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Parks & Recreation

Council pulls parking lot proposal

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Beatty Hughes Park will not soon be the site of a municipal parking lot.

A proposal to turn over the downtown park to parking was tabled at Council’s May 20 meeting after public opposition.

Council member Marianne MacQueen requested the proposal be pulled at the meeting’s outset, saying that the proposal was “premature” and that a “robust community process” to talk about parking concerns was needed.

“I think it would be good to take a step back,” MacQueen said.

Council was set to consider the proposal from Village Manager Patti Bates that the Village use a county grant to engineer a parking lot at Beatty Hughes, a 1.1-acre Village park between Kieth’s Alley and Corry Street, also known as the Little Park.

Bates wrote in the proposal that to deal with “lack of parking in an around downtown, staff recommends proceeding with engineering to convert Beatty Hughes Park to a parking area.” She estimated that 72 spaces and a public restroom facility could be created there.

“The space is within easy walking distance of downtown businesses and could be used by residents and visitors, alike,” Bates wrote.

While the proposal was indefinitely tabled, a discussion on the proposal slated for the “old business” part of the agenda took place nevertheless. Fifteen villagers spoke from the floor on both local parking issues and Beatty Hughes Park.

Most who spoke expressed their affection for the park and urged the Village to not turn it into a parking lot, citing concerns such as the loss of greenspace and trees, stormwater impacts on the nearby Glen, the lack of a parking problem and the embrace of tourism at the expense of local quality of life. Park neighbors, downtown residents, downtown employees and other villagers spoke in favor of keeping the land a park.

Bette Kelley, who lives adjacent to the park, said a parking lot would mean more traffic, noise pollution and light pollution for the purpose of promoting tourism.

“When is the quality of life for the homeowners and residents more important than tourists?” she asked.

Downtown resident Sharri Phillips said the park is her “personal oasis” and that she sees it being well used by villagers.

“I would be personally heartbroken if it went away,” Phllips said.

Another neighbor, John Day, agreed that the park is regularly used. He said providing more parking for tourists might actually attract more tourists, making the problem worse. And he suggested and that amenities could be added to enhance the park.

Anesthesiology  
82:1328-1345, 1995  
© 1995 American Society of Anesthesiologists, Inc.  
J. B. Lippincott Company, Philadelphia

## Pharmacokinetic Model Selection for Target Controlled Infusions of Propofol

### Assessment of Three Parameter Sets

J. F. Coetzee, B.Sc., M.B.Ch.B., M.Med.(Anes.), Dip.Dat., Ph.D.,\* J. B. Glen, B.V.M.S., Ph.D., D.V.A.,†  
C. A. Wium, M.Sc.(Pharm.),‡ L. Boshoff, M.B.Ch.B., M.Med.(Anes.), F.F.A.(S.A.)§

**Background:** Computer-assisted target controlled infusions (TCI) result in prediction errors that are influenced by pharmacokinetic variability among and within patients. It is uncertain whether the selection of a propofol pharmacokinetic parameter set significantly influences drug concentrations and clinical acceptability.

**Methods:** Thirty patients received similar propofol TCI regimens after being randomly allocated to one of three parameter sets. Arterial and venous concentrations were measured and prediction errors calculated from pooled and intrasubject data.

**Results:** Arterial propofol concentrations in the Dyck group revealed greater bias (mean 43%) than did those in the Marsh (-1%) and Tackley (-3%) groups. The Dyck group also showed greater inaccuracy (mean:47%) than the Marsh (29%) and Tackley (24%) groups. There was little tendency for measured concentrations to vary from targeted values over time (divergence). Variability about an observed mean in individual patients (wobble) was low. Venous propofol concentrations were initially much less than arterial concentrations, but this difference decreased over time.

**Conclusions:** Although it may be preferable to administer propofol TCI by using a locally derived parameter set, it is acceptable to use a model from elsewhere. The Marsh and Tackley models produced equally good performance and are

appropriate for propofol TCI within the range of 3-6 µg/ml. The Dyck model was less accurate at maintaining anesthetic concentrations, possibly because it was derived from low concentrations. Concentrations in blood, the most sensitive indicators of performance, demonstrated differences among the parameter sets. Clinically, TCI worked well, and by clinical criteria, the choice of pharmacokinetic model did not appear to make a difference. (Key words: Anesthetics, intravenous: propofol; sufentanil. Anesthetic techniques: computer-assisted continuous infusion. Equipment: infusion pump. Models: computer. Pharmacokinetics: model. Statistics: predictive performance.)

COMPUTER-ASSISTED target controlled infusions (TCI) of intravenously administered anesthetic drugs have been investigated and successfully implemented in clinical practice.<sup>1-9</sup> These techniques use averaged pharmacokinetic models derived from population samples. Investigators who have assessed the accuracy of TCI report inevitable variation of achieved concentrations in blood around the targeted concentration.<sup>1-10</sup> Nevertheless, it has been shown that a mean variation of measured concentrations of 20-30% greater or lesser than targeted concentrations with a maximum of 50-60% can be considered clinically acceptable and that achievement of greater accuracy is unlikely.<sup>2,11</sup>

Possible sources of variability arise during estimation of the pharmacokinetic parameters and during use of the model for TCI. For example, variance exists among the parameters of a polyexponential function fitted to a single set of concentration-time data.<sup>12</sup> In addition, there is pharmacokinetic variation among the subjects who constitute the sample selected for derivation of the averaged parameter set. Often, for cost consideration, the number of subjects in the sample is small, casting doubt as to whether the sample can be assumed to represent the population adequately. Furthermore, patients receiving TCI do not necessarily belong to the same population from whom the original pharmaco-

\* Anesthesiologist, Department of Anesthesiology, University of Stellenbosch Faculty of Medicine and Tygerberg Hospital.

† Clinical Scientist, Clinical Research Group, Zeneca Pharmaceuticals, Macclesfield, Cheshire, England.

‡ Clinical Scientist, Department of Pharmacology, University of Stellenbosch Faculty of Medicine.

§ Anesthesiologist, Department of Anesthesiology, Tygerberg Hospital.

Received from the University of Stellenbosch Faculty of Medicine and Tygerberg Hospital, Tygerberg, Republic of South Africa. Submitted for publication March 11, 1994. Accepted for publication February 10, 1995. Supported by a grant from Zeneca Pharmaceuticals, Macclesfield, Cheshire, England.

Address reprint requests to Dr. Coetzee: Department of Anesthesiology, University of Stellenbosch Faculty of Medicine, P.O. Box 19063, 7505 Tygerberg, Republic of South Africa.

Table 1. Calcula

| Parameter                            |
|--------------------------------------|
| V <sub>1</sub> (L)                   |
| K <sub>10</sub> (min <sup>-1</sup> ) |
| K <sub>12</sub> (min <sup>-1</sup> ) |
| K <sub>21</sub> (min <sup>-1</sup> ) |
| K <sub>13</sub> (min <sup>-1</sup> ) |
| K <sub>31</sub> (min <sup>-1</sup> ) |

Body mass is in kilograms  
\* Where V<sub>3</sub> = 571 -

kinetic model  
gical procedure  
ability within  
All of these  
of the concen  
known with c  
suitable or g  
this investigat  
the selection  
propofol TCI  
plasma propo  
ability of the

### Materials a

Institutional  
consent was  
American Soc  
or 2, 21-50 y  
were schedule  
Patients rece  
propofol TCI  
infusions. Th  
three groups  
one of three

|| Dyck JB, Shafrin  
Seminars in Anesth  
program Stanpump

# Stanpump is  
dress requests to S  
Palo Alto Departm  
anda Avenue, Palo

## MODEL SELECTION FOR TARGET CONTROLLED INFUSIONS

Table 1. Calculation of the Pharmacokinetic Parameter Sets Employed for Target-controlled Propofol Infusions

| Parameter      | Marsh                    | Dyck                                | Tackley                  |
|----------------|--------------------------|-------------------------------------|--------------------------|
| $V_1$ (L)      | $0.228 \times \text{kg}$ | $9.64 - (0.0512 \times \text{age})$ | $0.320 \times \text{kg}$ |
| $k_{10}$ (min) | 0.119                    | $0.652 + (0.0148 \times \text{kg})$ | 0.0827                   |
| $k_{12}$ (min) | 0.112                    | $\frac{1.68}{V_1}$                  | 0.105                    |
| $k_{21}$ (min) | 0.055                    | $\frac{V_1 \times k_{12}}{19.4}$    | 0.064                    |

“Make it a gem for our town rather than consider wiping it out so we can consider more parking,” Day said.

Anna Bellisari of the Yellow Springs Tree Committee emphasized the benefits of the park’s trees in keeping the village cool, reducing air pollution and capturing rainwater runoff.

“It would be a terrific change to the whole ecology of that part of town,” Bellisari said. “I’m disappointed and dismayed we would consider that.”

Bethany Gray, a board member of the Glen Helen Association, expressed her concerns about runoff from a concrete parking lot so close to the nature preserve.

Matthew Kirk suggested adding more parking might just attract more tourists and lead to more congestion. Tina Bujenovic argued that greenspace is what attracts tourists in the first place. Sam Jacobs said that Beatty Hughes park has “some of the most beautiful trees I’ve seen in parks anywhere.” And Adam Zaremsky, who frequently takes his lunch to the park, cited research that contact with nature reduces stress levels at work.

Karen Wintrow, Chamber of Commerce director, encouraged Council to study the issue more fully and to focus on maximizing existing parking first.

“I think there are a lot of places parking could be increased,” she said. She also urged Council not to take the Beatty Hughes proposal “off the table completely.”

After the discussion, Council President Brian Housh said he did not know that the park was considered “sacred space,” or so well used and that Council wasn’t planning to move ahead without consulting citizens first.

“I’m sorry that people were shocked and appalled. This was meant to be a discussion,” Housh said. “I think I heard consensus that we are taking Beatty Hughes Park off the table in terms of parking.”

The parcels that became Beatty Hughes Park were purchased by the Village in 1968 and 1969, using a grant from the Department of Housing and Urban Development, according to Bates’ proposal. While the grant initially placed restrictions on the use of the land, a memo from HUD in 1984 lifted them, Bates noted. The park has been eyed for parking several times in recent history, including most recently in 2004.

Beatty Hughes gets its name from two village leaders from the 1950s and ’60s: William Beatty, a long-serving Council member whose family owned the property that became the park, and Leo Hughes, a former Village mayor whose family went on to donate the park’s water fountain in his memory.

Council will continue to discuss the parking issue at a later meeting, and may consider a parking study to determine the scope of the problem.

Comments from Council members on the issue and other items from Council’s May 20 agenda will be in next week’s News.


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